China's staggering threat over nuclear sub move: 'Punish with no mercy'

·News Reporter
·3-min read

The fallout with China over the landmark AUKUS defence pact announcement on Thursday continues, with Chinese state media warning Canberra the lives of Australian soldiers will be lost if Australia continues on its current trajectory.

In a scathing editorial published by the nationalistic Beijing mouthpiece the Global Times, Australia has been told if it continues to provoke China as the US's "running dog", Beijing will not hesitate in making an example out of Australian troops.

"Australia has turned itself into an adversary of China," it said, adding the move to add nuclear-powered submarines with the aid of the US has only escalated the situation.

"If it acts with bravado to show its allegiance to the US and takes the most prominent position in the US' anti-China strategy, especially by being militarily assertive, then Canberra will most likely become a target of Beijing's countermeasures so as to send a warning to others," it said. 

FM spokesperson Zhao Lijian delivered a characteristically robust response to the nuclear-powered submarine development. Source: FMPRC
FM spokesperson Zhao Lijian delivered a characteristically robust response to the nuclear-powered submarine development. Source: FMPRC

"Thus, Australian troops are also most likely to be the first batch of Western soldiers to waste their lives in the South China Sea.

"If Australia dares to provoke China more blatantly because of that, or even find fault militarily, China will certainly punish it with no mercy."

The provocative tabloid warned Australia's military will become the targets of Chinese missiles if the navy's presence in the South China Sea continues stressing Canberra should "prepare for the worst".

There was reference to Australia's recent narrative around a growing threat and increase chance of conflict in the region, a move by Australia that has infuriated Beijing and only heightened last week by Defence Minister Peter Dutton who reiterated such comments.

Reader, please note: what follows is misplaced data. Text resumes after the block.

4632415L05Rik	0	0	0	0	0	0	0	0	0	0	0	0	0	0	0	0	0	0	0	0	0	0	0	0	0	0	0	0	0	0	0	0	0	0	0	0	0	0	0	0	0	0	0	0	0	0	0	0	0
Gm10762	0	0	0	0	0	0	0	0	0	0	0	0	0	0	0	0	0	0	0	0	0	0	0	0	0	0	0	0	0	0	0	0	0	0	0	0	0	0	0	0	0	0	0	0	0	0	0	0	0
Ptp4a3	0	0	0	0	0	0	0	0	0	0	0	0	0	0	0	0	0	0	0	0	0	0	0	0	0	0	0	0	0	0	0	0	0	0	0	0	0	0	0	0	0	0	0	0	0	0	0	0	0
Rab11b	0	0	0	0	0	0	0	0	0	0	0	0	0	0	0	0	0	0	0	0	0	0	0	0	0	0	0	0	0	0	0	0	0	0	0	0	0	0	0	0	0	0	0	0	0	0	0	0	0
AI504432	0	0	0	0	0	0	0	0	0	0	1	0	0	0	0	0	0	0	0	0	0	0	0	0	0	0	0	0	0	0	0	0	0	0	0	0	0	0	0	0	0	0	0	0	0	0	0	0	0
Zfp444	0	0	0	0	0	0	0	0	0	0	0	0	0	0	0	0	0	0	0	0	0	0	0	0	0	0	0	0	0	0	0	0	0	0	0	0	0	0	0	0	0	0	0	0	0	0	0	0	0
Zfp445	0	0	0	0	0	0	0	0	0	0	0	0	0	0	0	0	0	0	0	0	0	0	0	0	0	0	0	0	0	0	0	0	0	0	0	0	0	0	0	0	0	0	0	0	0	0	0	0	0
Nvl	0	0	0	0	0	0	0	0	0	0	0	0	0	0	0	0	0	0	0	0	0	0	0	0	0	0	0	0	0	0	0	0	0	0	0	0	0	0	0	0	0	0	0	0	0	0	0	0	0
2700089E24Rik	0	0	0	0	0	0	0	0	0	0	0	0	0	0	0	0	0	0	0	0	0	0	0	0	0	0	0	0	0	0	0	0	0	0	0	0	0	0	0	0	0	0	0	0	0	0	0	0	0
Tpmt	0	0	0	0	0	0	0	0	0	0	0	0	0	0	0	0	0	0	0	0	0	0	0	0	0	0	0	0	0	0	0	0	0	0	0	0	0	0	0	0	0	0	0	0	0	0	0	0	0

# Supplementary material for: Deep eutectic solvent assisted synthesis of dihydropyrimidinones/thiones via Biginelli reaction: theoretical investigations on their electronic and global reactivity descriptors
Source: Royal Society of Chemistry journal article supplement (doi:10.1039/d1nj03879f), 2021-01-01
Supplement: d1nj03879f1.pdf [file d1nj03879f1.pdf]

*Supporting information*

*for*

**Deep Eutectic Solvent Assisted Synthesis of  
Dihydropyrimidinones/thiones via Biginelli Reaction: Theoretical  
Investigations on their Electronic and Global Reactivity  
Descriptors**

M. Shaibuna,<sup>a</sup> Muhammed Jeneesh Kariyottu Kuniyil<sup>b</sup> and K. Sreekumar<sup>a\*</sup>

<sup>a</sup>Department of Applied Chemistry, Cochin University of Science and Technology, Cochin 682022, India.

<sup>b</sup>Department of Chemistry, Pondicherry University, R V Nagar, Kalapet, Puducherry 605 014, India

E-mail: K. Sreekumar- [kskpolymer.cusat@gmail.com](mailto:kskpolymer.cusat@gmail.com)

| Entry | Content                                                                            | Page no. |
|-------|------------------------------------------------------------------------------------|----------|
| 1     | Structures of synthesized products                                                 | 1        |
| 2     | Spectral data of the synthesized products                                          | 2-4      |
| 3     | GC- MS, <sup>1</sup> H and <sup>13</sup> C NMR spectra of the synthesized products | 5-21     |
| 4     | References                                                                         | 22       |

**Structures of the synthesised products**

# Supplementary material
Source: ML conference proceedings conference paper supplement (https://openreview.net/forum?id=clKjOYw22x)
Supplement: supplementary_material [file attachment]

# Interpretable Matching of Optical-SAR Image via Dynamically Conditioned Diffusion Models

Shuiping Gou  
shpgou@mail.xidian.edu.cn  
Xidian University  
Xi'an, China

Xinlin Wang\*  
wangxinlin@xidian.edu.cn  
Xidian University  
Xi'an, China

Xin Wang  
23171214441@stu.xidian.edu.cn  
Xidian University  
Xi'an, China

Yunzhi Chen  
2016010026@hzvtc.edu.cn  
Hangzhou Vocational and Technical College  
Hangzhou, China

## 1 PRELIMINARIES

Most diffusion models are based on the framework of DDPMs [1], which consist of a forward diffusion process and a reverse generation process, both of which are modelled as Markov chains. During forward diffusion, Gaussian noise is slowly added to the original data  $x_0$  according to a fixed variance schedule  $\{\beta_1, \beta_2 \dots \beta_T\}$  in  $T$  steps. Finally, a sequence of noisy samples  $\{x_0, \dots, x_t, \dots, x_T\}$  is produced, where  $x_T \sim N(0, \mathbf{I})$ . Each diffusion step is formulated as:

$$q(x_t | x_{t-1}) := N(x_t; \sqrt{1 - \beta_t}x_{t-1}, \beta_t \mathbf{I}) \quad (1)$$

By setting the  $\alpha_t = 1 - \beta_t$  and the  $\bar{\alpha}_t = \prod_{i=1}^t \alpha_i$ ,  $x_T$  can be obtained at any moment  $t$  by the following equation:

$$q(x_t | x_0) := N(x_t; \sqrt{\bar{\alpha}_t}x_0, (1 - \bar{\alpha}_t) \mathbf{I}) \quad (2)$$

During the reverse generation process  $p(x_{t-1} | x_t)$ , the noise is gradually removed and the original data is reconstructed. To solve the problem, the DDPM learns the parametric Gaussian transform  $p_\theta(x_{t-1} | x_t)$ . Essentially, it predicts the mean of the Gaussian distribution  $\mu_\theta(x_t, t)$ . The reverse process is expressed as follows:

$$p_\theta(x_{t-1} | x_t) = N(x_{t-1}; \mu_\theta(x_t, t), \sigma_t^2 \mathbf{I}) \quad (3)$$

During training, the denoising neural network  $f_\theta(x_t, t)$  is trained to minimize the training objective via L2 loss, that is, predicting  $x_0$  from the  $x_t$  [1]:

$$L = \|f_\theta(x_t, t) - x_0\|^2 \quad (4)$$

The Global Times controversial editor-in-chief Hu Xijin belittled Australia in one of his regular video addresses, suggesting a country of Australia's stature should not own nuclear-powered submarines.

"I would like to advise [Australia] not to think that once it acquires nuclear submarines and ballistic missiles that it's qualified to intimidate China," he said.

China's official response to landmark move

All eyes were on Foreign Ministry spokesperson Zhao Lijian on Thursday evening as he stepped up for his department's daily press briefing.

His response was somewhat more controlled than the Global Times, however labelled the submarine announcements as "extremely irresponsible".

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He said the announcement from the three countries "seriously undermined regional peace and stability" and if they did not abandon a Cold War mentality, "they will only end up shooting themselves in the foot".

An unnamed senior Chinese military expert told the Global Times on Thursday they believed it will now be "easy" for Australia to acquire nuclear weapons as a next step.

Prime Minister Scott Morrison categorically denied that was Australia's intentions but was dismissed by the Chinese military expert as "meaningless".

He said it would therefore make Australia a nuclear strike target. 

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